In Table 4, we show the values of absorbed dose at 10 cm in a water phantom for three different values of BNUM. It’s noticed that significant improvement in the statistical uncertainty s can be obtained for larger values of BNUM parameter. Hence, large values of BNUM will increase the computation time. As a compromise between

Figure 4. Number of tracks variation versus BNUM parameter for 12 MV photon beam.

CPU time and statistical uncertainty level a BNUM value of 60 was selected for further calculations.

3.2.3.2. RNOK Parameter Knock-on electrons production can be controlled in MCNPX by the RNOK parameter. The default value RNOK = 1 produces an analogue sampling of knock-on electrons. If RNOK = 0, the production of Knock-on electrons is turned off. An entry > 1 for RNOK parameter leads to the production of RNOK times the analogue number of knock-on electrons. We studied the effect of these electrons, during PS computation, on absorbed dose in build-up cell region. The results are summarized in Table 5.

Turning on Knock-on electrons production during the calculation of the phase space, leads to PDD values in build-up region more accurate than values obtained in the case these electrons generating is ignored. The results show that knock-on electrons of low energy have an effect which is not negligible on PDD convergence at the entrance of the phantom.

3.3. Combination of Variance Reduction Techniques and Phase Space

In this part of this work we determine the gain of CPU time by combining both PS method and different techniques of variance reduction studied before; so we have recalculated the PDD with all the discussed techniques (accelerated simulation) and compared the results to those of corresponding analogue calculation. Figure 3 presents the obtained results.

On Figure 5 we show the comparison between the depth dose distributions obtained for the 12 MV photon beam in both types of simulations. Therein, red circle symbols represent the results calculated using the PS with variance reduction techniques, whereas blue squares

Table 4. Comparison of the absorbed dose at 10 cm for different values of BNUM for the 12 MV photon beam.

Table 5. The effect of knock-on electrons on absorbed dose for the 12 MV photon beam.

Figure 5. Depth dose in the beam axis as a function of the depth in the water phantom for the 12 MV photon beam. Red circle symbols represent the results calculated using the phase space with variance reduction techniques. Blue squares represent the results of an analogue simulation. The error bars in the case of the accelerated simulation are small compared to the analogous simulation.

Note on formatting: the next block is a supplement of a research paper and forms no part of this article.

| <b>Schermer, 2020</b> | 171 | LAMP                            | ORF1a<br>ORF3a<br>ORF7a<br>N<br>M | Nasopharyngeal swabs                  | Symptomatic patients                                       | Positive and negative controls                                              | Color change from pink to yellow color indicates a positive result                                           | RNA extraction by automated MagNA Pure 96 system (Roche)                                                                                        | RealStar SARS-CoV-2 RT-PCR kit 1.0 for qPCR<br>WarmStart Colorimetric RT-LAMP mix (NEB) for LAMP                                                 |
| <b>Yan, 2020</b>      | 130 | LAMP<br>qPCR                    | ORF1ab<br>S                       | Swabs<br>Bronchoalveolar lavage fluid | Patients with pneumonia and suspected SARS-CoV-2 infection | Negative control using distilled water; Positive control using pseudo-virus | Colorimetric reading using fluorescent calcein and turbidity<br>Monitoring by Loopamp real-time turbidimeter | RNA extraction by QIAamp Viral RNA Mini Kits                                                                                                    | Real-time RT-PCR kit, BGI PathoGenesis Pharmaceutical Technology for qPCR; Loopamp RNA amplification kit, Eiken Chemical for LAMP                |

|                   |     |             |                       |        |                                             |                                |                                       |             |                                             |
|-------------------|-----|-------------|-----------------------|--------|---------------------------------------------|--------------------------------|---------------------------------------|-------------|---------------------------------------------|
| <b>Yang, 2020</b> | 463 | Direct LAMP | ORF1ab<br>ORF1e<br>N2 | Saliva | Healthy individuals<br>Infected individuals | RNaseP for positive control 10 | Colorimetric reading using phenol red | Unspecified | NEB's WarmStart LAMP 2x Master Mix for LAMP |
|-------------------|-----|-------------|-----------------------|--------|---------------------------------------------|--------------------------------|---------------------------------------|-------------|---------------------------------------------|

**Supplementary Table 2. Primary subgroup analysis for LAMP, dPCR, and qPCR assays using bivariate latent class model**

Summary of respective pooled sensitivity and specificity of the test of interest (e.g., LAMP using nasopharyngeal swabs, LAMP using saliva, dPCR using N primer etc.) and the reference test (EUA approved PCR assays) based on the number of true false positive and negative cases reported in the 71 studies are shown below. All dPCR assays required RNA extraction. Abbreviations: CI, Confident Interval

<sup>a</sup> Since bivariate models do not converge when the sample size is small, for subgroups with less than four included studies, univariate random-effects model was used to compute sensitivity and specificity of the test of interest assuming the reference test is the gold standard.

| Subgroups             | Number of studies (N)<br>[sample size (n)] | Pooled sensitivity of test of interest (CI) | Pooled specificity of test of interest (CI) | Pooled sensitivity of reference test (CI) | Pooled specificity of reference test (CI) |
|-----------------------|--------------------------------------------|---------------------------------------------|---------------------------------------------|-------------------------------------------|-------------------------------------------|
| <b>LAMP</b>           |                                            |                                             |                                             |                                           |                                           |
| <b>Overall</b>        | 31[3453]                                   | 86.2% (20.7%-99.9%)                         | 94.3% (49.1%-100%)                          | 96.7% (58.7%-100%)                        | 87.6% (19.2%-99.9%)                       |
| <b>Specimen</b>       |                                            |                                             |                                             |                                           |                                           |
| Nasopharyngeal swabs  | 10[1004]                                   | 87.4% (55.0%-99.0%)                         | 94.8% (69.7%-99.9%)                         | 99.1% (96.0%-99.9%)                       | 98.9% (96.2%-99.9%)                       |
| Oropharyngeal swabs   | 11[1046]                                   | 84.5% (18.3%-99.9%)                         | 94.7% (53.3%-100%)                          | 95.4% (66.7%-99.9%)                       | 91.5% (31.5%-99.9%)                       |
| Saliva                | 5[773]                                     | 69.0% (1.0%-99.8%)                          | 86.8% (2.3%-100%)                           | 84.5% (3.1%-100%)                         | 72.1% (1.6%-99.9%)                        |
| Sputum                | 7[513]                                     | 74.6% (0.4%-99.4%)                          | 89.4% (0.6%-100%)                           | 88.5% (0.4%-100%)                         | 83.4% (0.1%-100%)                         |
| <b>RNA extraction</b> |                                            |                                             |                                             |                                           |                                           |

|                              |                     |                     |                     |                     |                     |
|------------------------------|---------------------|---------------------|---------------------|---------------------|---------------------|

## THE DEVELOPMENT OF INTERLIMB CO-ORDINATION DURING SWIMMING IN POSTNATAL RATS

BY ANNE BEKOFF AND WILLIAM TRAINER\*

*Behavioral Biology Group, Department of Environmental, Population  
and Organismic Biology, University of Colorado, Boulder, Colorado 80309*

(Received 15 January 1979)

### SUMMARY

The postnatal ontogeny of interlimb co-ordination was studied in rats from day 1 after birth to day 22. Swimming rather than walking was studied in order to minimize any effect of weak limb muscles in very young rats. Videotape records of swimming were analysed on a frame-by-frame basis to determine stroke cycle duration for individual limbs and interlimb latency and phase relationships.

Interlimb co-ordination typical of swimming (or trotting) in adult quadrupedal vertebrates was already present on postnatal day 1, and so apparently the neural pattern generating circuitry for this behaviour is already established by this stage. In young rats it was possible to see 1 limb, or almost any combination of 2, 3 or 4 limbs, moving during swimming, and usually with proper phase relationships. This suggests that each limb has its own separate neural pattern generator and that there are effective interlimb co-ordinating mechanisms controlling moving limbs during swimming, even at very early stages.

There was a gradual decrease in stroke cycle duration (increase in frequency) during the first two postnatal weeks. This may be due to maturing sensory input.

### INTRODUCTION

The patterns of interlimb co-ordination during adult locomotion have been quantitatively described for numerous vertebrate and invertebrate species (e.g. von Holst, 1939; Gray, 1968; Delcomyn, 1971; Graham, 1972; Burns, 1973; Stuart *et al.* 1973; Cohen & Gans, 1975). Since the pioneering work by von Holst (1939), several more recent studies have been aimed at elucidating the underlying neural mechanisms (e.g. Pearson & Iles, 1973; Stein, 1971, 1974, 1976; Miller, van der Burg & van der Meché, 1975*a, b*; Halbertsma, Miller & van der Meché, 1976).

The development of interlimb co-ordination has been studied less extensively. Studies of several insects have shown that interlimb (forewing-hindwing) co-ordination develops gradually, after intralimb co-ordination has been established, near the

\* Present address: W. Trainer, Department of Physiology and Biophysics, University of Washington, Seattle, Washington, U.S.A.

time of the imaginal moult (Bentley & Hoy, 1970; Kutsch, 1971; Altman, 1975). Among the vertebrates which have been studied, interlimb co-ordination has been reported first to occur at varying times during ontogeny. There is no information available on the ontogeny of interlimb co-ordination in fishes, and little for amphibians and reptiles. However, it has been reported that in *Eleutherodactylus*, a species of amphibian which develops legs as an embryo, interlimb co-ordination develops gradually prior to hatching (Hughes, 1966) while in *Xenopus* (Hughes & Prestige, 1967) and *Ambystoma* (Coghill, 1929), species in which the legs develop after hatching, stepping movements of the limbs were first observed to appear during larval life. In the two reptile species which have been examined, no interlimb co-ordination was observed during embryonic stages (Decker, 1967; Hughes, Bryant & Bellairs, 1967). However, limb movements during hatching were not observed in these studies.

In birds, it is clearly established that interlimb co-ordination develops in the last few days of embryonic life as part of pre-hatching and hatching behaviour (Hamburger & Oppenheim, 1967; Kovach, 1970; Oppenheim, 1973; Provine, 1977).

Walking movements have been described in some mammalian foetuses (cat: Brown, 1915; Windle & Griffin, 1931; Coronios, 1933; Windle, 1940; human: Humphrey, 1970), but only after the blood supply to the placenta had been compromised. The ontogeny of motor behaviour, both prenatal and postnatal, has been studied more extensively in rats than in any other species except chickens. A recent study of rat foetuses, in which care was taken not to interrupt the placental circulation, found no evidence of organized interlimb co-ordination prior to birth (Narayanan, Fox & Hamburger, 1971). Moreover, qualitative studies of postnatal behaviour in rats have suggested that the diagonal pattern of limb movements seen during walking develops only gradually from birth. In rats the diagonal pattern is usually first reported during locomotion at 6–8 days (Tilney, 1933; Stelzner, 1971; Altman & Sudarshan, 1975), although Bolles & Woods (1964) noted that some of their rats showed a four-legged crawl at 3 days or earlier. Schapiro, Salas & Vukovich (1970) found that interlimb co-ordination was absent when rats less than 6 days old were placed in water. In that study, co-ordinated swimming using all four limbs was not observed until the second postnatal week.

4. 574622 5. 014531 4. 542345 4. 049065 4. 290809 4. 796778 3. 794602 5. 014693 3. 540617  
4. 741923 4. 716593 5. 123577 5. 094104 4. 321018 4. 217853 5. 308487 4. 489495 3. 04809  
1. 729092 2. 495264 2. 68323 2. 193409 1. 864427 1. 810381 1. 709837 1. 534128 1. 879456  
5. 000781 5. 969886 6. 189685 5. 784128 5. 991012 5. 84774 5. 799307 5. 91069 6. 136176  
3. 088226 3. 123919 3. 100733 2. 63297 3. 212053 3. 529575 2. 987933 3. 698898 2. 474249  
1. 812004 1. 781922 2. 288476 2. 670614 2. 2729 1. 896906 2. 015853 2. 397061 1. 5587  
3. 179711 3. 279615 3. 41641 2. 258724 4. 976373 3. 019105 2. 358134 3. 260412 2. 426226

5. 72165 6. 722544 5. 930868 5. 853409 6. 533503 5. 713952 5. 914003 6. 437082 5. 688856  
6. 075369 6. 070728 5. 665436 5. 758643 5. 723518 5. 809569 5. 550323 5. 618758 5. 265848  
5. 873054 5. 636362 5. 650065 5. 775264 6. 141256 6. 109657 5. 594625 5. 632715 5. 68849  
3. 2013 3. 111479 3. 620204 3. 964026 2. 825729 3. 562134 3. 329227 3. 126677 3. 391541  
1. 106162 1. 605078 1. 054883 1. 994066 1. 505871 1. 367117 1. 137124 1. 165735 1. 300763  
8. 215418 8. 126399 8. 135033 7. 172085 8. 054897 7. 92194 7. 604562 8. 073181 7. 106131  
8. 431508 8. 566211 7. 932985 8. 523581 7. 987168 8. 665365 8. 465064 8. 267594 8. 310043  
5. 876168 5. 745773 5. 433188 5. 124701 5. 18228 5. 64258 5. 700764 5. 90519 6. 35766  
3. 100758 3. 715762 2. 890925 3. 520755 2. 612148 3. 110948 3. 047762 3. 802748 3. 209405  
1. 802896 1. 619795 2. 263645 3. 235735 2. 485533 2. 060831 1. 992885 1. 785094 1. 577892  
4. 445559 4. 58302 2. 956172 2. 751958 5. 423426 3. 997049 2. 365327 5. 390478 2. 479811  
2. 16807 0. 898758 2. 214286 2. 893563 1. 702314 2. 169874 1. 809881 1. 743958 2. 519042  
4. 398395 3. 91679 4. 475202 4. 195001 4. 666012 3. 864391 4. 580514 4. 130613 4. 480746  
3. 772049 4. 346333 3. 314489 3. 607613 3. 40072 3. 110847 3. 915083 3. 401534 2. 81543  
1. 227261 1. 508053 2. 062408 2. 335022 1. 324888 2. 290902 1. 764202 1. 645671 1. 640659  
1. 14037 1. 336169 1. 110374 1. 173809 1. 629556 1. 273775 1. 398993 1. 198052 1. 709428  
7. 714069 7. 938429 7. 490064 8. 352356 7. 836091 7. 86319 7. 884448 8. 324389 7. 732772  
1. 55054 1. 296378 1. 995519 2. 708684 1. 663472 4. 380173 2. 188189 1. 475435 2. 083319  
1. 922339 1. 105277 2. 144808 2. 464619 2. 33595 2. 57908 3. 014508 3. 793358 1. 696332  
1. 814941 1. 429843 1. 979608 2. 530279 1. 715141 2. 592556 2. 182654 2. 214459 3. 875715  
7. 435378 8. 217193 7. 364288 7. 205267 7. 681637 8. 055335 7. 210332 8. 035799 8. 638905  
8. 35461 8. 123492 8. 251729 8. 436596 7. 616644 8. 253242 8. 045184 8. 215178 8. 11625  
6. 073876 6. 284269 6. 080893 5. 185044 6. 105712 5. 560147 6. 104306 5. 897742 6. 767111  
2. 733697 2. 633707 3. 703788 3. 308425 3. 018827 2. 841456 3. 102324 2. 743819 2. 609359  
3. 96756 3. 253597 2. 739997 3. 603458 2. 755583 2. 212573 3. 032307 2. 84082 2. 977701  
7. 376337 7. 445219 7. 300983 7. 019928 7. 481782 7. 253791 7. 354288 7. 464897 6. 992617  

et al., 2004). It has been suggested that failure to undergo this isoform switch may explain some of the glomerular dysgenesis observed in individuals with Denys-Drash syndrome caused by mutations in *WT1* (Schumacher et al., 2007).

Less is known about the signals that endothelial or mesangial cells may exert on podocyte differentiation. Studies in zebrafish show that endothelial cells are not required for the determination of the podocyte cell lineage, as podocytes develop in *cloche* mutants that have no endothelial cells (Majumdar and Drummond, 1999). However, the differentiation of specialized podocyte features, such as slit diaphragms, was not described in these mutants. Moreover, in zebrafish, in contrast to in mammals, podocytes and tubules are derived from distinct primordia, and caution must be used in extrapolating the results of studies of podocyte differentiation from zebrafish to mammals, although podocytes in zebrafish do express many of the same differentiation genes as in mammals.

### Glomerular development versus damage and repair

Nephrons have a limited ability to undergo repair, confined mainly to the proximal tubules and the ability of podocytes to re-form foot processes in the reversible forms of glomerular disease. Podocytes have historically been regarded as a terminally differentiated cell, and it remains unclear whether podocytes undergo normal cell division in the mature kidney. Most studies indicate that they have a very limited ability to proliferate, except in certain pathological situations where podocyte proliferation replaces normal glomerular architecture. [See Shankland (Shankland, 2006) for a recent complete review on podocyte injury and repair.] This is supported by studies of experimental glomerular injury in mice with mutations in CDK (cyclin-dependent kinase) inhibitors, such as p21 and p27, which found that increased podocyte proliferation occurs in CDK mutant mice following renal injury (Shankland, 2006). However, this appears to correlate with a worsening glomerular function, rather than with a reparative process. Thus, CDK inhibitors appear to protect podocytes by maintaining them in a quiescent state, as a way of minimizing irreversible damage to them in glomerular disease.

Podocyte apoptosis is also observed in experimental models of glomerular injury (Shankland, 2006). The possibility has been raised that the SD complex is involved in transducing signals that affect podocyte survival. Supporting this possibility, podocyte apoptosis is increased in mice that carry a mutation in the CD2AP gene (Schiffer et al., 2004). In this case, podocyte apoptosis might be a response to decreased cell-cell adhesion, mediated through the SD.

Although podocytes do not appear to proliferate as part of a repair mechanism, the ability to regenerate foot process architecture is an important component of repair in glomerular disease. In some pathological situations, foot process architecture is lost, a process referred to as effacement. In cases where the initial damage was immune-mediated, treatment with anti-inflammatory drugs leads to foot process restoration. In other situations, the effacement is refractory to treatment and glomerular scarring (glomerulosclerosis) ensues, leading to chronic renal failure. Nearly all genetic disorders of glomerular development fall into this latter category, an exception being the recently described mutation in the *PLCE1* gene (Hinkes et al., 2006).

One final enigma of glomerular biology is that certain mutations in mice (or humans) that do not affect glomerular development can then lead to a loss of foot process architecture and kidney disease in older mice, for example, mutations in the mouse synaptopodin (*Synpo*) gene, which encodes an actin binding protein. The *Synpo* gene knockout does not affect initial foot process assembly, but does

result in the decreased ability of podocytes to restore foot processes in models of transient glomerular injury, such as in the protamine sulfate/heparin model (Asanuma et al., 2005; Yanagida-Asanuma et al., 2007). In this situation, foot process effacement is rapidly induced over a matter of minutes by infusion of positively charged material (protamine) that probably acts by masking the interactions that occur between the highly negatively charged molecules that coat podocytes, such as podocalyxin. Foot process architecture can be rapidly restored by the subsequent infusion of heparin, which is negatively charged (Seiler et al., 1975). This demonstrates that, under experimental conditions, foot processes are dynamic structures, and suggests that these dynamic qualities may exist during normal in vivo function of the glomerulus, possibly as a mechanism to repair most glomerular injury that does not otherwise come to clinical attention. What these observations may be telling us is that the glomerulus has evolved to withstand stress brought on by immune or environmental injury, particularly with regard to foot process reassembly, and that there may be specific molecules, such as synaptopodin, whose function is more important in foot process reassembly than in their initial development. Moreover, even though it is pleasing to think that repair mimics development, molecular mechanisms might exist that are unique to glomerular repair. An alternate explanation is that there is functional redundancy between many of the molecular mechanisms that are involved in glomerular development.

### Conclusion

represent the results of an analogue simulation where neither variance reduction nor PS techniques were used. The PDD curve is remarkably smoother in the accelerated case than the analogue one and the uncertainties on the obtained results within the accelerated scheme are very low when compared to those quoted for the analogue simulation.

We summarized the effect of space phase and variance reduction techniques in Table 6, where we show CPU time T, relative statistical uncertainty S (1σ) for absorbed dose at 10 cm and simulation efficiency ε. This table summarizes the study carried in this paper. We found a very important gain of CPU time when we enhance our simulation scheme to include the PS and variance reduction techniques. The efficiency is increased by a factor greater than 700.

As summary, Figure 6 represents PDD results in the accelerated simulation which is performed in two steps. We combined the PS and variance reduction techniques to calculate the PDD within a water phantom. The curve is very smooth and the statistical uncertainties (1σ standard deviation) are smaller than the symbol size for the calculated results, which has an uncertainty of only 0.5%.

3.4. MC Modeling Validation

3.4.1. The Depth Dose and Dose Profile within a Water Phantom

The previous conclusions were deduced from pure numerical analyses. In order to validate our computing proposal and in the aim to verify that the adopted variance reduction techniques don’t alter the physics of the problem we compare Monte Carlo calculation values to

Figure 6. Depth dose in the beam axis as a function of the depth in a water phantom for the 12 MV photon beam.

Table 6. CPU time T, uncertainty S on absorbed dose at 10 cm and calculation efficiency ε for the 12 MV photon beam.

experimental dose distributions. In the Monte Carlo calculation, we used the PS method and variance reduction techniques (BBREM, CUT, PHYS), Based on the tow parameters study of carte PHYS we decided to fix the value of BNUM = 60 and RNOC = 1 in the PS file and BNUM, RNOC = 1 in the phantom.

In Figures 7 and 8, we show the calculated depth dose and dose profile curves compared to the experimental ones obtained for 12 MV photon beam in water phantom in the case of a square field size of 10 × 10 cm^{2}. The depth dose curve is normalized to the dose at 10 cm. The statistical uncertainties (1σ) associated with the simulated depth dose curve are less than 0.4% for the high dose region and less than 1% in the buildup region. The dose proﬁle is normalized to the dose on the central axis of the beam. The statistical uncertainties (1σ) of the simulated proﬁle are less than 0.4% in the central region and less than 2% in the penumbra regions.

As it can be verified in these figures, the very good agreement obtained in the comparison between the experimental values and the simulated ones, confirms the goodness of our computational simulation. This demonstrates also the efficiency of the method adopted in reducing CPU time without changing the reality of the problem.